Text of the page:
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Vision Systems on Chip (VSoCs) Offer Maximum Performance for Dedicated Tasks
by Winn Hardin, Contributing Editor - AIA Posted 07/25/2011VSoCs may represent the clearest signal yet that the mainstreaming of machine vision is finally taking place.
Location, location, location. It’s not just a real estate mantra – it also has relevancy for machine vision and other electronic applications.
When it comes to a machine vision system, the closer a sensor is to a memory buffer, the memory buffer to a processor, the processor to I/O – the faster the overall system. If you can put all these elements on the same silicon die, you can build the fastest, most optimized system on the market.
In the past, few machine vision systems had the volume and market momentum to warrant a vision system on a chip (VSoC) where most – if not all – of the data collection and processing units were on the same chip. The NRE and fab costs were too high and machine vision volumes too low to amortize the cost over a long enough product lifecycle. That’s changing with mainstreaming of machine vision as more image processing systems and features find their way into consumer products, offering the machine vision industry unprecedented opportunities to affect change and benefit from the world outside of the industrial marketplace.
Single-Board to VSoC
The advent of the “smart camera” presaged the world’s first VSoCs by bringing all the building blocks for a vision system onto the same board, avoiding backplane bottlenecks. In most – if not all – of these systems, the sensor is separate from the image processing cores, but they reside next to each other on the board, greatly improving I/O speeds and overall processing speeds.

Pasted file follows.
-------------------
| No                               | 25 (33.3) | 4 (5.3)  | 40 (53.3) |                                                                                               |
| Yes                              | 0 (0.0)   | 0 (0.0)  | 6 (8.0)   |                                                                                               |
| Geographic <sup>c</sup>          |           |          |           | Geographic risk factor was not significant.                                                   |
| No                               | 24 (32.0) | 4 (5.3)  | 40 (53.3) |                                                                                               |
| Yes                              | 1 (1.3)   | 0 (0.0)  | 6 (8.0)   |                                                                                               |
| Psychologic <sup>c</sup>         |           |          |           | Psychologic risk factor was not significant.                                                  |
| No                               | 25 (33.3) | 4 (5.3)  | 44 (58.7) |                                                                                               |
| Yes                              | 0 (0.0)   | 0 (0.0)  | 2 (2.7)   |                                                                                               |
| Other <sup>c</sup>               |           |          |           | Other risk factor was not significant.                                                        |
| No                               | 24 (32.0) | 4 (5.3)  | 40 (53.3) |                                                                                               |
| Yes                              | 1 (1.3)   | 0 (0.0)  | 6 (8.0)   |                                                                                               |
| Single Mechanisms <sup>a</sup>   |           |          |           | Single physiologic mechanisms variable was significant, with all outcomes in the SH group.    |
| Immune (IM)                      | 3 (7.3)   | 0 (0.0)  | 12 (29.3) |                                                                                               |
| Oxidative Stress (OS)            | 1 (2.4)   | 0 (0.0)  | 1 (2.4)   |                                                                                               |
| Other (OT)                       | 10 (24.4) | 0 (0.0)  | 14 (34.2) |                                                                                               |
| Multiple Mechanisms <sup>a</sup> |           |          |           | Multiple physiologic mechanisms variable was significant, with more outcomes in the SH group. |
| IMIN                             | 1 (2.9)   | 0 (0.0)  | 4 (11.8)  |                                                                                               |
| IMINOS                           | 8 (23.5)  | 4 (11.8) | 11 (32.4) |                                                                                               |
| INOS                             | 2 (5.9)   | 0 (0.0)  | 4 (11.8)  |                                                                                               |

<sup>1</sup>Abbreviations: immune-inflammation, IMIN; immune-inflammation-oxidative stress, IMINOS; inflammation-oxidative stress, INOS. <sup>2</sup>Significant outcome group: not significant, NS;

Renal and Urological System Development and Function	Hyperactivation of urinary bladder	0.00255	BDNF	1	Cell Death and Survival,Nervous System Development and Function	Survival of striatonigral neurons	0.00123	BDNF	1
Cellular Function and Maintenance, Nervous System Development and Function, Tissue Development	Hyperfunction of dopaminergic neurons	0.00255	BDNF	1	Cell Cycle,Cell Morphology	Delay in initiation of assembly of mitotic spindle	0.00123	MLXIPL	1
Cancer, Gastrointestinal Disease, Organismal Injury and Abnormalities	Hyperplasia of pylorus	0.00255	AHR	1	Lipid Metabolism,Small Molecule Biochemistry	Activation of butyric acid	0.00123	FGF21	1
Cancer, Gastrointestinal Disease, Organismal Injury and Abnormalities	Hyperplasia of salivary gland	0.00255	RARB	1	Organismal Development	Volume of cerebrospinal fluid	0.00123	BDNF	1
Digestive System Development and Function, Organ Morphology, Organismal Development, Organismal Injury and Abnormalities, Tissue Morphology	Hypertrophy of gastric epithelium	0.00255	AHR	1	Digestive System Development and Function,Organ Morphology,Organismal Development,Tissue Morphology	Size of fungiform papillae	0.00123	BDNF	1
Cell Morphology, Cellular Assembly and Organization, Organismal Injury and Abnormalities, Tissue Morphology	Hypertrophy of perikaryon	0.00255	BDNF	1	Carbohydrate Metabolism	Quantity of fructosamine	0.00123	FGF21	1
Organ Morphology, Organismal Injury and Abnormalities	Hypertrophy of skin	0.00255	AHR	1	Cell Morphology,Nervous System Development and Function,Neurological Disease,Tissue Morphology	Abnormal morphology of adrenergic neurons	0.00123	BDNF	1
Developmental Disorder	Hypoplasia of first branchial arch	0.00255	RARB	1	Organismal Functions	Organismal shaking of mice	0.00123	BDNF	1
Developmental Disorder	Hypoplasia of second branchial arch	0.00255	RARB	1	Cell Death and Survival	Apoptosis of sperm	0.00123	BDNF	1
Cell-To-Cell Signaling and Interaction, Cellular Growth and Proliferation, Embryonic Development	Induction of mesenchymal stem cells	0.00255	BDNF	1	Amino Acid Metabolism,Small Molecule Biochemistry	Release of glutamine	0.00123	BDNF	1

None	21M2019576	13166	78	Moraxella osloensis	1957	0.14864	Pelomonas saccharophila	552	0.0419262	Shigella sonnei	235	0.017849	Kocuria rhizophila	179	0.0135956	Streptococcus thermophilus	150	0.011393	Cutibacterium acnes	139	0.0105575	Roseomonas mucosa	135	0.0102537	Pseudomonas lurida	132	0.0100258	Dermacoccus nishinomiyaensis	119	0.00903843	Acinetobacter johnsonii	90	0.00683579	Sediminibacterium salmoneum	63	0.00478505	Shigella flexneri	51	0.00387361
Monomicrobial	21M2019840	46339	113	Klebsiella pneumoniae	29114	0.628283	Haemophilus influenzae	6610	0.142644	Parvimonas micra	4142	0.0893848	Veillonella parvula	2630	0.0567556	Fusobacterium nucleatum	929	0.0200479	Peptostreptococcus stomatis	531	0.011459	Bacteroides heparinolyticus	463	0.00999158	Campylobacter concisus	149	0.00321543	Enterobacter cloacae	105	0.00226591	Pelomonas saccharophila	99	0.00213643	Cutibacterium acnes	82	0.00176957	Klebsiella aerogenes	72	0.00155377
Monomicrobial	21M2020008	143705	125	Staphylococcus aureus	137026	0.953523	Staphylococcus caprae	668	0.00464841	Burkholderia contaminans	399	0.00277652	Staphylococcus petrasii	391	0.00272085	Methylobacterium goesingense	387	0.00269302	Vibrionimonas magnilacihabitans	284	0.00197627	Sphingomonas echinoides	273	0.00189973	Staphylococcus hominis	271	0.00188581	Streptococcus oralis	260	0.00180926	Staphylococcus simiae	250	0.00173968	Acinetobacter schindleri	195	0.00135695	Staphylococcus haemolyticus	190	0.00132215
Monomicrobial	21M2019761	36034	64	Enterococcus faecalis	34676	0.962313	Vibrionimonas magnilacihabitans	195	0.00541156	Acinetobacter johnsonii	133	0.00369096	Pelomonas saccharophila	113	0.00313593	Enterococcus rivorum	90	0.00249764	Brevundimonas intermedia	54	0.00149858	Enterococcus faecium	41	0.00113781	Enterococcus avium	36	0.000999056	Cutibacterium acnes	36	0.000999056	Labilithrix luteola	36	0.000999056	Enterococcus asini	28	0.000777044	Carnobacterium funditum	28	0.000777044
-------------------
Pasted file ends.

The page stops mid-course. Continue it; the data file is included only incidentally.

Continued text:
“You can get the higher performance by integrating VSoC image processing and video analytics on a chip – either a custom IC, ASIC, or FPGA,” explains Kerry Van Iseghem, Co-Founder of Imaging Solutions Group (Fairport, New York). “DSPs cannot meet the high-speed or real-time performance applications in machine vision. They offer great flexibility, but not performance. Most manufacturers who offer VSoC capabilities often incorporate a DSP or GPU alongside the VSoC for added flexibility and offer the best of all worlds. [However,] ASIC and FPGA solutions will always outperform any processor or DSP. Most VSoC solutions today utilize FPGAs. Hard-wired ASIC and custom IC solutions are reserved for very high-volume applications that can amortize the NRE costs over many units. The lowest possible unit cost has to be weighed against NRE costs. It usually is a pretty clear calculation. The beauty of the FPGA solutions is that the performance and cost of FPGAs are better than hard-wired ASIC and custom IC solutions were four years ago.”